Some of my estimate of my ancestry is based on the earliest forms (that I've seen) of various family surnames -- before they were as likely to have been transformed into something completely different. For example, I have 18th century Keith and Gregg (Grieg) lines that point back to Scotland, or to Scotland by way of Ireland. Of course, with a name like Weaver -- my mother's maiden name -- it would be impossible to know the origin without additional information. But the family tradition was that they were German, and I've since been able to find records showing that this was the case. The original form of the surname was Weber, or according to one source it was possibly even Weberling (which would mean "little weaver"). However, I've also seen the name spelled as Wever in one 18th century record. That could just be a phonetic spelling, but Wever is also the Dutch form (or so I understand). I nearly as I can tell, my Weaver ancestors were already in America by 1700, or not much after. And this line appears to early have mixed with French Huguenots, Dutch, and Swiss. Some researchers have traced the Dutch part back to New Holland, but I haven't independently verified it. Oh, and the same research suggests the "Mohawk", as well; but again, I haven't verified it.

The Catalan ancestry is the most recent. Both of my maternal grandmother's grandfathers immigrated from the Spanish island of Menorca, in the Mediterranean. They arrived separately. (One by himself, the other with both his parents and possibly a sister.) I've seen immigration documents for both, plus a copy of the naturalization document for one of them. (In becoming a citizen, he had to not only declare allegiance to the U.S., but he had to renounce allegiance to Spain. The language of the document includes: "... and especially to Queen Isabela." I guess so there'd be no confusion about what was expected.) One of my grandmother's grandmothers was born in Alsace-Lorraine but immigrated to the U.S. with her family at a young age. I usually include her among the German ancestors, but I could probably as easy count her among the French.

Anyway, I don't know whether that helps you. I suppose it would be nice if I were able to say that this is what genetic genealogy has been able to show me, but it's come more from years of following this lead or that. However, I should note that 23andMe has pretty consistently reported me as being between 98 and 98.5 percent European, with the remainder being "Asian". The new Ancestry Composition is better able to distinguish between Asian and Native American (actually, it couldn't at all), and it reports all of my "Asian" ancestry as Native American. Doug McDonald also did an analysis of my 23andMe data a while back and determined that probably 2% was Native American. However, he also estimated a much higher proportion of "Irish" ancestry for me than my paper trail suggests (something around 69 percent), about 6.5% Spanish ancestry, and suggested I also probably had 22% Jewish ancestry. No other research or DNA testing or analysis has suggested Jewish ancestry, and I suspect that his program was actually interpreting something else as Jewish. (Of course, if I can find and document any Jewish ancestry, I'll be quite happy to do so. Or Berber ancestry, or anything else. About the only thing I ask is that it at least be human. So far no little green men -- or women -- but I'm still waiting.)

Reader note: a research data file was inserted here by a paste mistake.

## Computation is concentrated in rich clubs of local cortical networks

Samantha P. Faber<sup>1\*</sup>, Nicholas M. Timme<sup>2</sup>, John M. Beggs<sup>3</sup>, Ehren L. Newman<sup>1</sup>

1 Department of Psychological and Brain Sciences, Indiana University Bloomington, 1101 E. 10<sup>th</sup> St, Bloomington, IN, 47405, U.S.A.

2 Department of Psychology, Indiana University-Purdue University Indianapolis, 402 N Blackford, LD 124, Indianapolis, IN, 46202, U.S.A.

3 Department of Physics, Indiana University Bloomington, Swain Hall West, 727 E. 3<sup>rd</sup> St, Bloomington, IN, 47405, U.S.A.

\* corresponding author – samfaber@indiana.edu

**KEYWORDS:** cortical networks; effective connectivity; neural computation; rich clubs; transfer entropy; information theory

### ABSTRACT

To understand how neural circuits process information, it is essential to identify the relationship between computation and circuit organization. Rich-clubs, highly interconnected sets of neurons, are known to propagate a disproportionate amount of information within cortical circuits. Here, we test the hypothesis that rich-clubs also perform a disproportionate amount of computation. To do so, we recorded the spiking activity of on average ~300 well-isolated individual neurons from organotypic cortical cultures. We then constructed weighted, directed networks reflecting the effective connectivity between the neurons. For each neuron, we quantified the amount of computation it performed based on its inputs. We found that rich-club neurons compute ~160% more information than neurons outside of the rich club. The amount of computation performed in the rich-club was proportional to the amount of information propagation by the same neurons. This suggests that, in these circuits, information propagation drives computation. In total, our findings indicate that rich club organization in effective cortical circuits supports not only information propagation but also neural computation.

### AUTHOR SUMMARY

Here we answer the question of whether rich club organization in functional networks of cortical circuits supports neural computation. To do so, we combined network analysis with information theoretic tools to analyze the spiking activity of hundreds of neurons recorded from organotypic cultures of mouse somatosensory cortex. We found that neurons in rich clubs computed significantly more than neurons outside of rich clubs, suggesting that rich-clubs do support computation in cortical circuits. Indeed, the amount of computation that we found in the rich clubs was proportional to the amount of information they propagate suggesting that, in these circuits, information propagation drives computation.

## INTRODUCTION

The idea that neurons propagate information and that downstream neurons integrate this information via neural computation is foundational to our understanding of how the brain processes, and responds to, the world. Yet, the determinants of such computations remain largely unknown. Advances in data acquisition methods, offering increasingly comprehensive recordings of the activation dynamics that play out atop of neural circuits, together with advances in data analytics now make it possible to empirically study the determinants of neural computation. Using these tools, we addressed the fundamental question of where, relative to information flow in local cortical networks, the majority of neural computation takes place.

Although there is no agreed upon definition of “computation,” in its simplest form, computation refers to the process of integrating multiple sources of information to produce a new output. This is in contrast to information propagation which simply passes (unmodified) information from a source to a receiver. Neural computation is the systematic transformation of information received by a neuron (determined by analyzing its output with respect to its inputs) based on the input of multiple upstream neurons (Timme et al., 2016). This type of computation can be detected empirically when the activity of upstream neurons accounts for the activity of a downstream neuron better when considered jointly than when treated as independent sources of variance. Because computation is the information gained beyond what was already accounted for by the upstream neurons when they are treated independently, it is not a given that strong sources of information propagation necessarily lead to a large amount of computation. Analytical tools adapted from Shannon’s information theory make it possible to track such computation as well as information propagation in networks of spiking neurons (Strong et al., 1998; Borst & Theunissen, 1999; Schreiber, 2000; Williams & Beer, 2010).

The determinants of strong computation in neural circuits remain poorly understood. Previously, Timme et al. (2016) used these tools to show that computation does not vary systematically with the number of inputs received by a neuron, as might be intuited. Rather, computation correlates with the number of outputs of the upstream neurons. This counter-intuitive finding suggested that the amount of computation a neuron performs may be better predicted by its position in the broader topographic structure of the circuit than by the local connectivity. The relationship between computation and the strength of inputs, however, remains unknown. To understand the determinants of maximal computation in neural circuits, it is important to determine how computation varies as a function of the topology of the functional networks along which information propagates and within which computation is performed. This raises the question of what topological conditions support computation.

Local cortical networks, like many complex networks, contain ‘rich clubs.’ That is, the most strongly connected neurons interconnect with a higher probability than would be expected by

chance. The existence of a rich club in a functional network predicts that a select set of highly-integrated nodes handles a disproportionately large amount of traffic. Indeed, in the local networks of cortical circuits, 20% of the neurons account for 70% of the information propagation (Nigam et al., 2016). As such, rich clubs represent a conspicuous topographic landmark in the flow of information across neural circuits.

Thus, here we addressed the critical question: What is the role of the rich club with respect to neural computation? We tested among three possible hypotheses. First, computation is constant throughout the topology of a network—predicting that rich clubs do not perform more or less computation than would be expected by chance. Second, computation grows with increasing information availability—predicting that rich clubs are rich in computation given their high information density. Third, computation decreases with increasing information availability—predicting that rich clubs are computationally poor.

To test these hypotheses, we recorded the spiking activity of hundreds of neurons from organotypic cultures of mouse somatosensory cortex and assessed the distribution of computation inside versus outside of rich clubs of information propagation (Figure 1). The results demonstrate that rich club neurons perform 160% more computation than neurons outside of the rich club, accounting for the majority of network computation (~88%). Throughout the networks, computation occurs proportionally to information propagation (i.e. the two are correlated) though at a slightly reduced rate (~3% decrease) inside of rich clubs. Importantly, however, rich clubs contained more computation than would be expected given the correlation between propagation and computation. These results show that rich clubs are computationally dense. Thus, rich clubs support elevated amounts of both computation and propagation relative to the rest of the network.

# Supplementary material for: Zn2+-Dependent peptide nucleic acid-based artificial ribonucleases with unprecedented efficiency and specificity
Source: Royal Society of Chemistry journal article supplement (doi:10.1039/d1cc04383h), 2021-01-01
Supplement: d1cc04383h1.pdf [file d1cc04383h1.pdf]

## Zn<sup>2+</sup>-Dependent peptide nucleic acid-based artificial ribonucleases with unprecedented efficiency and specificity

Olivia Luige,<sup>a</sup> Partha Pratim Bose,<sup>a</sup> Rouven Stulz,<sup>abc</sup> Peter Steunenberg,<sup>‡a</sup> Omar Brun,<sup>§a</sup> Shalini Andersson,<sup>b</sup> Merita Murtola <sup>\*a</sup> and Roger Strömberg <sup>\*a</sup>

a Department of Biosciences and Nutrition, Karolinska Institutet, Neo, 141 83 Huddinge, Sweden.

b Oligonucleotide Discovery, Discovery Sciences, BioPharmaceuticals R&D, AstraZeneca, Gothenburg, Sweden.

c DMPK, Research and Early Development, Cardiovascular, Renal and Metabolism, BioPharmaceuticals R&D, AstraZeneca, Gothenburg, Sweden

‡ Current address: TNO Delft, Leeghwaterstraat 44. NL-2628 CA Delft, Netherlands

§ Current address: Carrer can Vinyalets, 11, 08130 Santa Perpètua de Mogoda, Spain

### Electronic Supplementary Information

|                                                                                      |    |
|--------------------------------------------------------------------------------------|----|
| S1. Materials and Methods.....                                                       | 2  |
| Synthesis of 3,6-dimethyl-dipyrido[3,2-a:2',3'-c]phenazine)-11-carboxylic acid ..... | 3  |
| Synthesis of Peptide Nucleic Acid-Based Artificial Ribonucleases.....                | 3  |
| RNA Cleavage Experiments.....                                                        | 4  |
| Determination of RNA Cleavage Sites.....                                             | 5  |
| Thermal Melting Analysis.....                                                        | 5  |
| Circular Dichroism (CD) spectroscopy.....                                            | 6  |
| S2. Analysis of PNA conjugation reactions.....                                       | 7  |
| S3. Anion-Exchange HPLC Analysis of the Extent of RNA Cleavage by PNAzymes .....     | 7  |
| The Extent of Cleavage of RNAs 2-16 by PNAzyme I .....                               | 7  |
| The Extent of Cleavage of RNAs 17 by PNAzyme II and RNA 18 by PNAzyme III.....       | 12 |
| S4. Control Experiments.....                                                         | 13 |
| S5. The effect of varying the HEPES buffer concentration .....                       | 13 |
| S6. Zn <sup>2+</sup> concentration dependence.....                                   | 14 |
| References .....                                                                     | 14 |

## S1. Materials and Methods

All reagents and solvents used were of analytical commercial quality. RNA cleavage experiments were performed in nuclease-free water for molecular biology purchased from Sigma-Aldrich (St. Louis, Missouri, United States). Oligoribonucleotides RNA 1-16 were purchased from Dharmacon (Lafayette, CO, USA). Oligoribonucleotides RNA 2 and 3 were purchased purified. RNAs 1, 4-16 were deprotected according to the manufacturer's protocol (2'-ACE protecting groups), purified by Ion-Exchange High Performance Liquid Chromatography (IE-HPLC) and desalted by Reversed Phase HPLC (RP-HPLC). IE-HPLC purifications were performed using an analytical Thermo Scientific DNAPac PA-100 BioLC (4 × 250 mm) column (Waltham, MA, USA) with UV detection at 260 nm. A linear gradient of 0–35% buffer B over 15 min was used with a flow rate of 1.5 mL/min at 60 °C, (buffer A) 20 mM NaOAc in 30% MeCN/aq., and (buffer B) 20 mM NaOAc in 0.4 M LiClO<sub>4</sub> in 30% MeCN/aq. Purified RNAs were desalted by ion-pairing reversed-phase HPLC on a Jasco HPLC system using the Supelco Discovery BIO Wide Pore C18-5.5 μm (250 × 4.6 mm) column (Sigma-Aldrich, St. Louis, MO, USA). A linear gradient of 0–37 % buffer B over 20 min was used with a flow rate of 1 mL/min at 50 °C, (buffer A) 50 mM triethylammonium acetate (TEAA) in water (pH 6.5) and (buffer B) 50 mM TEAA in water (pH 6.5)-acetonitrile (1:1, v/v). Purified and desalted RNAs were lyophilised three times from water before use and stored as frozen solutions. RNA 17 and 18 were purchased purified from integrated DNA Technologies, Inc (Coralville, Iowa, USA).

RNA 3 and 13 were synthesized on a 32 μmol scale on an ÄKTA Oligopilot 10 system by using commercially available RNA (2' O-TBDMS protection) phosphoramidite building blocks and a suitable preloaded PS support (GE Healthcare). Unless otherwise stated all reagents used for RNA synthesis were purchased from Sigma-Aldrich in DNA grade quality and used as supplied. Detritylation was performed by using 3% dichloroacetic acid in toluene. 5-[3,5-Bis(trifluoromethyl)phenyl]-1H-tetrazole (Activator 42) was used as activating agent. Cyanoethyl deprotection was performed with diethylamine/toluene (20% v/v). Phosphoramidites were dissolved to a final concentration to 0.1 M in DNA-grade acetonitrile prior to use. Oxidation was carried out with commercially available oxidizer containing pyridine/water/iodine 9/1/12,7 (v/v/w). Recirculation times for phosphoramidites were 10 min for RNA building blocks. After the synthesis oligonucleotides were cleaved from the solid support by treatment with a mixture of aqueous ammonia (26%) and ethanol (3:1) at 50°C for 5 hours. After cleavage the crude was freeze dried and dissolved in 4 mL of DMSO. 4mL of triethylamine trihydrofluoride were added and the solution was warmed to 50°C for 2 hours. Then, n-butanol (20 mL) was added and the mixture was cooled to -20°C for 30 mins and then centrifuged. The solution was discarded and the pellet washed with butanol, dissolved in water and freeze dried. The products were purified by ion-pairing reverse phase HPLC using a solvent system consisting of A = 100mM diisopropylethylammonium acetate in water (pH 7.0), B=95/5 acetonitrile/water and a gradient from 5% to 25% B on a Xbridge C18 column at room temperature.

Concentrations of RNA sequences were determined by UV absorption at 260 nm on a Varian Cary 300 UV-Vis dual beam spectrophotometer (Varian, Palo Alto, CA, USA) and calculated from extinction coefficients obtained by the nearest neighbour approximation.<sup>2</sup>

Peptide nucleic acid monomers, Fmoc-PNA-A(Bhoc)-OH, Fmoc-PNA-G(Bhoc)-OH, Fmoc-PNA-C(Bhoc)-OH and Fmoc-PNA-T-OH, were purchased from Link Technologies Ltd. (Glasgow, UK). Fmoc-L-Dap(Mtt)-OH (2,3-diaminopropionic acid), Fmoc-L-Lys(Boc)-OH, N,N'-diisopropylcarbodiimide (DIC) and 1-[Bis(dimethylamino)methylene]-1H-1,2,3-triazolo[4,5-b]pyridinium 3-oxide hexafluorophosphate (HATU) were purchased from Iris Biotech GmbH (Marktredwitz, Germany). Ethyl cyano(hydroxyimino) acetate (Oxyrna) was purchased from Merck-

Finally, if what you're really wanting to know is just what can DNA testing tell you, I think AJL's answer should be helpful. The results are not always terribly precise, or 100% accurate, but things like 23andMe's new "Ancestry Composition" are becoming much more sophisticated.

My results in AC (using the "speculative estimate", which is actually about the closest match to my paper trail; and of course the estimate is based on autosomal testing and matching -- not on Y DNA or mtDNA):

97.3% European
Northern European
36.1% British and Irish
9.1% French and German
0.5% Finnish
38.8% Nonspecific Northern Euro…
Southern European
2.2% Italian
1.3% Balkan
1.0% Iberian
4.1% Nonspecific Southern Eur…
0.7% Eastern European
3.4% Nonspecific European
2.0% East Asian & Native American
2.0% Native American
0.1% Nonspecific East Asian & Nativ…
< 0.1% Sub-Saharan African
0.6% Unassigned

You can compare this to the results of FTDNA's Family Finder test, which says simply "100% European, ±0.01%". It breaks that down into "Finnish, Russian, Spanish, Tuscan", but gives no percentages for any of those. You'll note that 23andMe says nothing of Russian ancestry, though it does come up with a tiny amount of Finnish (0.5%), as well as with a bit of Spanish (1.0%) and Italian (2.2%). But all of these percentages together only add up to 3.7. My guess it that FTDNA's analysis actually does "see" the Native American part, but it's not enough for it to give me a second continent. So it then has to try to fit everything as well as it can into Europe, which it can only do by deciding I'm more Russian and Finnish (which presumably have higher percentages of "Asian" DNA.)